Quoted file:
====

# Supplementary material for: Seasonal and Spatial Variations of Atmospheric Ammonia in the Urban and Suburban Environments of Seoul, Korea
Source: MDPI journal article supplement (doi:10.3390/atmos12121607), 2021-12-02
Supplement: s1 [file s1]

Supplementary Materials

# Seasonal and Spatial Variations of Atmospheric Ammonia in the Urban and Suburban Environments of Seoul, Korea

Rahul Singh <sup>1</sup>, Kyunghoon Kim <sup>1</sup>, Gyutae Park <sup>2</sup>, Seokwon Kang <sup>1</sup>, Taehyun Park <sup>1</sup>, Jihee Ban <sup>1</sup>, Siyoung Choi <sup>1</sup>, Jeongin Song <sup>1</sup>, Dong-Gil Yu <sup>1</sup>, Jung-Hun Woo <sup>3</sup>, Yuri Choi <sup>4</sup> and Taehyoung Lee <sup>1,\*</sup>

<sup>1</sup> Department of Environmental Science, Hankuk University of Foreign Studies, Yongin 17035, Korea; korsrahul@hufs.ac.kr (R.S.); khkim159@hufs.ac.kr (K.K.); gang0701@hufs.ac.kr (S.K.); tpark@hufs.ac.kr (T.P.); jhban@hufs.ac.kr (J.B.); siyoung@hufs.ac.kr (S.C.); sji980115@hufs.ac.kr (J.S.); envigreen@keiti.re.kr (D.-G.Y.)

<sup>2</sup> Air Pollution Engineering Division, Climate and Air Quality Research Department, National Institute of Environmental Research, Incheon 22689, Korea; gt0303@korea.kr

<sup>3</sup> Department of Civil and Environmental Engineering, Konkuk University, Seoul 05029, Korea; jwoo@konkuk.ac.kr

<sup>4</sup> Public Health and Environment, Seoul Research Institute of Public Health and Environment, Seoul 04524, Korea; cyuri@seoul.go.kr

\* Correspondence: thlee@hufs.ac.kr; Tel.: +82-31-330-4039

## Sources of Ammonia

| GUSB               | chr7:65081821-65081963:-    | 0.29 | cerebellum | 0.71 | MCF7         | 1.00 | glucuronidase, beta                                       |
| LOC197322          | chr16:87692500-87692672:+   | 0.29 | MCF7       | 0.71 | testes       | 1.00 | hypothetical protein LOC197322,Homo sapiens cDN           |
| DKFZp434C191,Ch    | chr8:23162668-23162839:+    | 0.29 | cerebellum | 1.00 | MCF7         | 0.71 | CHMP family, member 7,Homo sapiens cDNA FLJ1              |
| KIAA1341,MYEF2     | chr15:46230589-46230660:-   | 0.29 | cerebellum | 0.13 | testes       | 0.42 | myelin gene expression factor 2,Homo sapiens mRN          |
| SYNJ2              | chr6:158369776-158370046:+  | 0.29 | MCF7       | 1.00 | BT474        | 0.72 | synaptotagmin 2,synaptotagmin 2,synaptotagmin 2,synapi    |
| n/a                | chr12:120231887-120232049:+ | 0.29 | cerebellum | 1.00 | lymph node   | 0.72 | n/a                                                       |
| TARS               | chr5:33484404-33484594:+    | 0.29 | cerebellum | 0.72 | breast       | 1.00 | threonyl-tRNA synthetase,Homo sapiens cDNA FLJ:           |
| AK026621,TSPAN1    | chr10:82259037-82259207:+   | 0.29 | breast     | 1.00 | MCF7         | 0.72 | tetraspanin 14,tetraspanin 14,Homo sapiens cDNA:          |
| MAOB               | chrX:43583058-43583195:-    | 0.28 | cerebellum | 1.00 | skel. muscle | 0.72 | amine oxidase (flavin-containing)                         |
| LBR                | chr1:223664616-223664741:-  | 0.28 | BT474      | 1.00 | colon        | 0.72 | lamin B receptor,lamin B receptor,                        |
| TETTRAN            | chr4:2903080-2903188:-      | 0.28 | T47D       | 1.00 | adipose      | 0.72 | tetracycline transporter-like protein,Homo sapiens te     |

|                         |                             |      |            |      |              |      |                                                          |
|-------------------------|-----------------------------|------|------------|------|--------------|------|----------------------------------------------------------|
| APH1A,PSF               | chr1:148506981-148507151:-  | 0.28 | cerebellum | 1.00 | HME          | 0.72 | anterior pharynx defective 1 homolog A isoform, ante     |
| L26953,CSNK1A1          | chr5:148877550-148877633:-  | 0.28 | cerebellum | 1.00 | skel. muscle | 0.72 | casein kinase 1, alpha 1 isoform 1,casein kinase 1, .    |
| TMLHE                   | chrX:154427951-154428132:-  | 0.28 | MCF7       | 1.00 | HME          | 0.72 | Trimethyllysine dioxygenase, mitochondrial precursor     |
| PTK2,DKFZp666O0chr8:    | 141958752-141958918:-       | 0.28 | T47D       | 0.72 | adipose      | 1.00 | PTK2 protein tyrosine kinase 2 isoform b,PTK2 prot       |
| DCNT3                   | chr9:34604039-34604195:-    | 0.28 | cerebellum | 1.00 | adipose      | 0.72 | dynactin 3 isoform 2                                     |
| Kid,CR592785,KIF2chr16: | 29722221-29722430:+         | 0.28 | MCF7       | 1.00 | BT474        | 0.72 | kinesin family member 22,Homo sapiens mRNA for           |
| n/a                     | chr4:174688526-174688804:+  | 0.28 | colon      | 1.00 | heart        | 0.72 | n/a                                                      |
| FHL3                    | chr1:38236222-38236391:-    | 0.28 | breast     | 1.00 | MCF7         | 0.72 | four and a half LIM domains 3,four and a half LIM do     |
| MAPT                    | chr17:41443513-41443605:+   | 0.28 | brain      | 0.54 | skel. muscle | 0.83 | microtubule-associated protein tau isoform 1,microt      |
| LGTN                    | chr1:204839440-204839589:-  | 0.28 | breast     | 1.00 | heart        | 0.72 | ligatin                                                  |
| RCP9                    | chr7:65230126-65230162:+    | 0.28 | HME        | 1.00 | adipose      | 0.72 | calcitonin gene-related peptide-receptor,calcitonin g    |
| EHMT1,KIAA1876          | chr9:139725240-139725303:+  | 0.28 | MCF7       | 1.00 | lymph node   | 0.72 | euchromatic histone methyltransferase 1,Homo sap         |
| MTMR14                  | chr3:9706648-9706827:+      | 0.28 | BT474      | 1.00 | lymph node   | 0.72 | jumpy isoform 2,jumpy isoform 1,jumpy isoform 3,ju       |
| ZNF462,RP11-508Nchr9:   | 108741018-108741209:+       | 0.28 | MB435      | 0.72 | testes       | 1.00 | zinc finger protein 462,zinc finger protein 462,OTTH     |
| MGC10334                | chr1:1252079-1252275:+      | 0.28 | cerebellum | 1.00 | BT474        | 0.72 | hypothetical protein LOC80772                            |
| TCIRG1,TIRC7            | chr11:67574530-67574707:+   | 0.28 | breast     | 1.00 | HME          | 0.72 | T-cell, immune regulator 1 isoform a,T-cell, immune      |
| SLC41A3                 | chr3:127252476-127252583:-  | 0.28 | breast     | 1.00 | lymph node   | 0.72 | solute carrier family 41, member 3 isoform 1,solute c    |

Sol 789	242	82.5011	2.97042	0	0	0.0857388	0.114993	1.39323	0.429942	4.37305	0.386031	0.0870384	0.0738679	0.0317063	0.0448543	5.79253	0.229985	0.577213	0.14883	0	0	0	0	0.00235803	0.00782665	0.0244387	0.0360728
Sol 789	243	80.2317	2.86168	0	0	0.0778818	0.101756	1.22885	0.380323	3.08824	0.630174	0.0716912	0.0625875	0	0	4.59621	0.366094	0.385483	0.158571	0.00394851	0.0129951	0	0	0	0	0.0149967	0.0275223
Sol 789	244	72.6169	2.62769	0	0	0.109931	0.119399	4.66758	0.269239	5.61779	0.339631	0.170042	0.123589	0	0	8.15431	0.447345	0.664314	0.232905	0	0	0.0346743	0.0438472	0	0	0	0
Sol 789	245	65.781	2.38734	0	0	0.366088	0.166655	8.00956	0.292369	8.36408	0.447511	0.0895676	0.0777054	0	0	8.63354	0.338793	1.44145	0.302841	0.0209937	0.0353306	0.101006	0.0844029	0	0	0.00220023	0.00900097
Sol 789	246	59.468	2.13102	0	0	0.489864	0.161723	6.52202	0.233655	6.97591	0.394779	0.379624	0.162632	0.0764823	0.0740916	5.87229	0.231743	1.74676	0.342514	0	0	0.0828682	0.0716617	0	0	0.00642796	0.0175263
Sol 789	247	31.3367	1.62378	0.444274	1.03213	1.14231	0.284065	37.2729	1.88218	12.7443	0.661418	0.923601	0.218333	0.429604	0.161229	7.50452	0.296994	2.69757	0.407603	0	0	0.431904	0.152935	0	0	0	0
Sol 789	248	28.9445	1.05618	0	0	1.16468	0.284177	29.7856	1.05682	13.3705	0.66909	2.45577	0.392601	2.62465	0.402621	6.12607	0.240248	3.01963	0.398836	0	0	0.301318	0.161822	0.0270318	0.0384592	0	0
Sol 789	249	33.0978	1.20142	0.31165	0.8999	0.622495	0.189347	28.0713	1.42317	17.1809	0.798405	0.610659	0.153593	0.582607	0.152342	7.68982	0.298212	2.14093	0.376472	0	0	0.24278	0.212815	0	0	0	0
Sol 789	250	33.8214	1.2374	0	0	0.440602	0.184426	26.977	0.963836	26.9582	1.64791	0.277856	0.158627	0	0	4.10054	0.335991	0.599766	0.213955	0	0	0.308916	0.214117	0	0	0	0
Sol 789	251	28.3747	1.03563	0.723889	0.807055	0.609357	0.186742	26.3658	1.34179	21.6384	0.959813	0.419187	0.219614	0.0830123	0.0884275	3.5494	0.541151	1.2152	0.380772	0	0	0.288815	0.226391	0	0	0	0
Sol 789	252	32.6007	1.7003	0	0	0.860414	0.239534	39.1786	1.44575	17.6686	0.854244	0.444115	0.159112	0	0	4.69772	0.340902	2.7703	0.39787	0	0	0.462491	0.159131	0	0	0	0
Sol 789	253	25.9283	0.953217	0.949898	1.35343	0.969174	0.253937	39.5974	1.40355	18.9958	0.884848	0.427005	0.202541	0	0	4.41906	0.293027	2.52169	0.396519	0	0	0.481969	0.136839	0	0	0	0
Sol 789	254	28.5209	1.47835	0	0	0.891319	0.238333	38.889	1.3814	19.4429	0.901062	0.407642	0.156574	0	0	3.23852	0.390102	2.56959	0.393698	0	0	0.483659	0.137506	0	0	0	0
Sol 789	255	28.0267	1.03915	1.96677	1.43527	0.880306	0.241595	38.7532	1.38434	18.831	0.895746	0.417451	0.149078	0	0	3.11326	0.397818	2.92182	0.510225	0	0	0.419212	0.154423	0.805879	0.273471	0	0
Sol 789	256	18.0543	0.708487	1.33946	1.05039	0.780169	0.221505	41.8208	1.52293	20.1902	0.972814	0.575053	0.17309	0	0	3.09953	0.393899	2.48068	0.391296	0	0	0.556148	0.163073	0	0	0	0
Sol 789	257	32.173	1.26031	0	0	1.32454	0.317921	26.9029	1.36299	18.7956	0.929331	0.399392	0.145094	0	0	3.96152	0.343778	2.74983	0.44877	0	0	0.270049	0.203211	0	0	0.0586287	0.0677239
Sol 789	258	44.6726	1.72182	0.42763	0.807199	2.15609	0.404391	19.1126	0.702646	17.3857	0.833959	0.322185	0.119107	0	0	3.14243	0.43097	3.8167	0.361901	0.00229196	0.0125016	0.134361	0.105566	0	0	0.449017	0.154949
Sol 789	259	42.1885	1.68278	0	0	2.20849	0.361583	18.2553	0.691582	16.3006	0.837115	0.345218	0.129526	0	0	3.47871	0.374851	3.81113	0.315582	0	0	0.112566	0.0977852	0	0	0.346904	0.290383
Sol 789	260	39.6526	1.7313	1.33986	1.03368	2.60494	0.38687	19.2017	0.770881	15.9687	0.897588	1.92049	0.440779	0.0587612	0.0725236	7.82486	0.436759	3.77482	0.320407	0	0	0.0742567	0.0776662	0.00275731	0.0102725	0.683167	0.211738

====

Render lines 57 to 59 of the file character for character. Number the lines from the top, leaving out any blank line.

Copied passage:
Sol 789	256	18.0543	0.708487	1.33946	1.05039	0.780169	0.221505	41.8208	1.52293	20.1902	0.972814	0.575053	0.17309	0	0	3.09953	0.393899	2.48068	0.391296	0	0	0.556148	0.163073	0	0	0	0
Sol 789	257	32.173	1.26031	0	0	1.32454	0.317921	26.9029	1.36299	18.7956	0.929331	0.399392	0.145094	0	0	3.96152	0.343778	2.74983	0.44877	0	0	0.270049	0.203211	0	0	0.0586287	0.0677239
Sol 789	258	44.6726	1.72182	0.42763	0.807199	2.15609	0.404391	19.1126	0.702646	17.3857	0.833959	0.322185	0.119107	0	0	3.14243	0.43097	3.8167	0.361901	0.00229196	0.0125016	0.134361	0.105566	0	0	0.449017	0.154949